05:57AM | 12/17/02
Member Since: 12/16/02
1 lifetime posts
I live in Michigan. In September of this year, I started building a new 3-bedroom ranch on a crawl space.

I insulated the crawl space walls and bonds with Polyurethane spray foam 3 inches thick.
The heating ducts run through the crawl space and are not insulated.
I have an open heat vent in the crawl space area.
The cold air returns are in the attic and they are insulated
I did not install any outside vents, figuring this would be a "conditioned" crawl space.
I am still finishing inside the house and no insulation is on the walls of the house yet
I heat the house only on weekends while working inside.
I have 3 inches of pea gravel over a dirt/clay ground
I have not yet covered the pea gravel with 6 mil plastic, but plan too.

I've noticed condensation on PVC drain pipes and on the underside of the flooring between joists starting just inside the insulated bond area. It has only been about a 1-1/2 months and already I am seeing some mold/mildew forming on the underside of the flooring between the joists.

I am concerned with the mold/mildew forming so quickly, so I was considering spraying the flooring between the joists (using a garden sprayer) with bleach or TSP to eradicate the freshly formed mold/mildew. I would do this before covering the pea gravel over with a 6 mil plastic vapor barrier. Once that was done, I was going to seal up the entry.

Am I doing all that I can or should do, or do I need to do something more or differently? Any suggestions would be appreciated. Do I need to put a humidifier down in the crawl space for a short period of time to dry it out after spraying or just cover it with the vapor barrier and let gravity deal with the problem? Is the spraying of bleach of TSP recommended or an overkill on my part?

Thank you,

Thomas Miller


03:54PM | 12/28/02
Member Since: 11/06/02
1281 lifetime posts
Spraying a ten percent bleach to kill the mildew is OK. It will probably stop growing once you control thew moisture problem. You don't want a humidifieer which will add moisture. You have ground water rising and evaporating into the air space under the floor and then condensing on the cold surfaces of the wood when you shut the heat off. Alternate cooling and heating encourages this percipitation.
The time to put down a vapour bar on the ground was yesterday. That will prevent moisture from rising. The condensation will happen on the bottom of it. Peastone will likely tear holes in regular plastic when you crawl over it so you will have to double it up with another layer after you are doine working down there and the house is built.
Heating the place all week will also help. Just turn it way down.


Post a reply as Anonymous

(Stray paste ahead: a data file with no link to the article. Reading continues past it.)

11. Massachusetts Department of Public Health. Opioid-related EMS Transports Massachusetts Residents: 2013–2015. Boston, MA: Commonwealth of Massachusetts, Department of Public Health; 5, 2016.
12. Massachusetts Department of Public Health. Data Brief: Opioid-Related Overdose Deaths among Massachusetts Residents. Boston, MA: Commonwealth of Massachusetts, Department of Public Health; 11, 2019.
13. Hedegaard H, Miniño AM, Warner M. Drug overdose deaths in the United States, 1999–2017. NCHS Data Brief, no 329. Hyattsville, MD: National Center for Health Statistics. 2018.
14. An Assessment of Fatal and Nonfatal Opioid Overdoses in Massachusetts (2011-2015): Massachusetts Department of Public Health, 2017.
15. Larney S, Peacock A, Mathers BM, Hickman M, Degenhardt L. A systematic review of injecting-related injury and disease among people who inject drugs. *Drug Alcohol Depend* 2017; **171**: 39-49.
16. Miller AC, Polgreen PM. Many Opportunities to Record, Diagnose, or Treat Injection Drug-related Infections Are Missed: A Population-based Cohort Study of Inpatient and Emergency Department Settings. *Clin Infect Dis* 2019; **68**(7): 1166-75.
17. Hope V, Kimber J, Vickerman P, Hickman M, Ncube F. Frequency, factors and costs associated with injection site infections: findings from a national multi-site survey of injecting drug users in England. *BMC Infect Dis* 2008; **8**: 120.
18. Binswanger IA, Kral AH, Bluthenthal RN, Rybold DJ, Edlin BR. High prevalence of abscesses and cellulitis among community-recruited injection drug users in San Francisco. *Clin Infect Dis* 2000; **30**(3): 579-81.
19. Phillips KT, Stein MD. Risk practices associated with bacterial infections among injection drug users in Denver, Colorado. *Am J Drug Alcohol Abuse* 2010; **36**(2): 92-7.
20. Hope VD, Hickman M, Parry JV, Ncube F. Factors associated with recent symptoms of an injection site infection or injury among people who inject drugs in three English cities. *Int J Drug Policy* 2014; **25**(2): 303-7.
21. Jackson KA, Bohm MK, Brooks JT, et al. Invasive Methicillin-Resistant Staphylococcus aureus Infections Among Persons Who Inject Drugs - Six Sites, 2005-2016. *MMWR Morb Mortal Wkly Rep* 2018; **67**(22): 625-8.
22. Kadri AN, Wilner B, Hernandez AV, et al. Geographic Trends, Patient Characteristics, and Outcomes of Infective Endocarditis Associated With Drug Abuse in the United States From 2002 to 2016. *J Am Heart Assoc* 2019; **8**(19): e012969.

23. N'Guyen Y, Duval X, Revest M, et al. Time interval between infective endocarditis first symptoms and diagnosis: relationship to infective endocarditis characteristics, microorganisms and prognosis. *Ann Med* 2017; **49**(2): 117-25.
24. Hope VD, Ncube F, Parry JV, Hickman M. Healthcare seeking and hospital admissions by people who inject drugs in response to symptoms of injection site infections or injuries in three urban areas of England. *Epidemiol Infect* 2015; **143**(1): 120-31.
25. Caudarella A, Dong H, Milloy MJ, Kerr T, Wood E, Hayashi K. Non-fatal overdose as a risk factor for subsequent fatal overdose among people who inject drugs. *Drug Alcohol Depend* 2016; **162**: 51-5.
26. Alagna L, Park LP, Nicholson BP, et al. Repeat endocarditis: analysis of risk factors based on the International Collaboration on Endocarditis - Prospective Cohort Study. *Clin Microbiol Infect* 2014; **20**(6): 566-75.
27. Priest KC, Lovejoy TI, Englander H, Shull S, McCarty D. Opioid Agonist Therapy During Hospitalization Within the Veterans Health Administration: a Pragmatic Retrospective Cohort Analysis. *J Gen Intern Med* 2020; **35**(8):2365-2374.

Photo must be in JPG, GIF or PNG format and less than 5MB.


type the code from the image


Post_new_button or Login_button

Handscraped finishes join the rustic, old-world feel of antique flooring with the durability and simplified installation b... Reused steel windows create an eye-catching splashguard in this walk-in shower. The vintage factory windows bring an inter... A galvanized steel tub is a surprising but charming fixture in this bright and breezy screened patio. It's perfect for was... If you're not crazy about the idea of commingling plants and pool, this modern variation may be more to your liking. The s... Yes, a freestanding garage can become its own tiny house. Artist Michelle de la Vega has all the comforts of a modern resi... If you lack plumbing skills but have a good sturdy tree, here's the easiest outdoor shower solution of all: Simply attach... Pursue what's known as the stack effect. To achieve it, open the windows on both the upper and lower floors, and as warm a... How do you like this smart use for an old bottle? Clamp an empty wine bottle to a fence or wall near your outdoor deck or ... Simple and striking, a couple of pieces of "lovingly used" furniture creates a special kind of charm. A weathered chair fo... Twine lanterns add pops of crafty—but sophisticated—flair to any outdoor setting. Wrap glue-soaked twine around a balloon ... When securely fastened to a tree or the ceiling of a porch, a pallet and some cushioning make the ideal place to lounge. V... Incorporate nature into your lighting scheme by securing a dead tree in a concrete mold and draping your pendant lamp from... For the cost of a can of exterior paint , you can totally transform your porch. Paint the floor a hue that complements yo... Repurpose birthday hats to create a string of lanterns for your porch, patio, or garden. Cut the tip of the cone, punch h... This garden shed has been decked out to the nines. Designer Orla Kiely created the intimate home for a flower trade show, ...
Newsletter_icon Google_plus Facebook Twitter Pinterest Youtube Rss_icon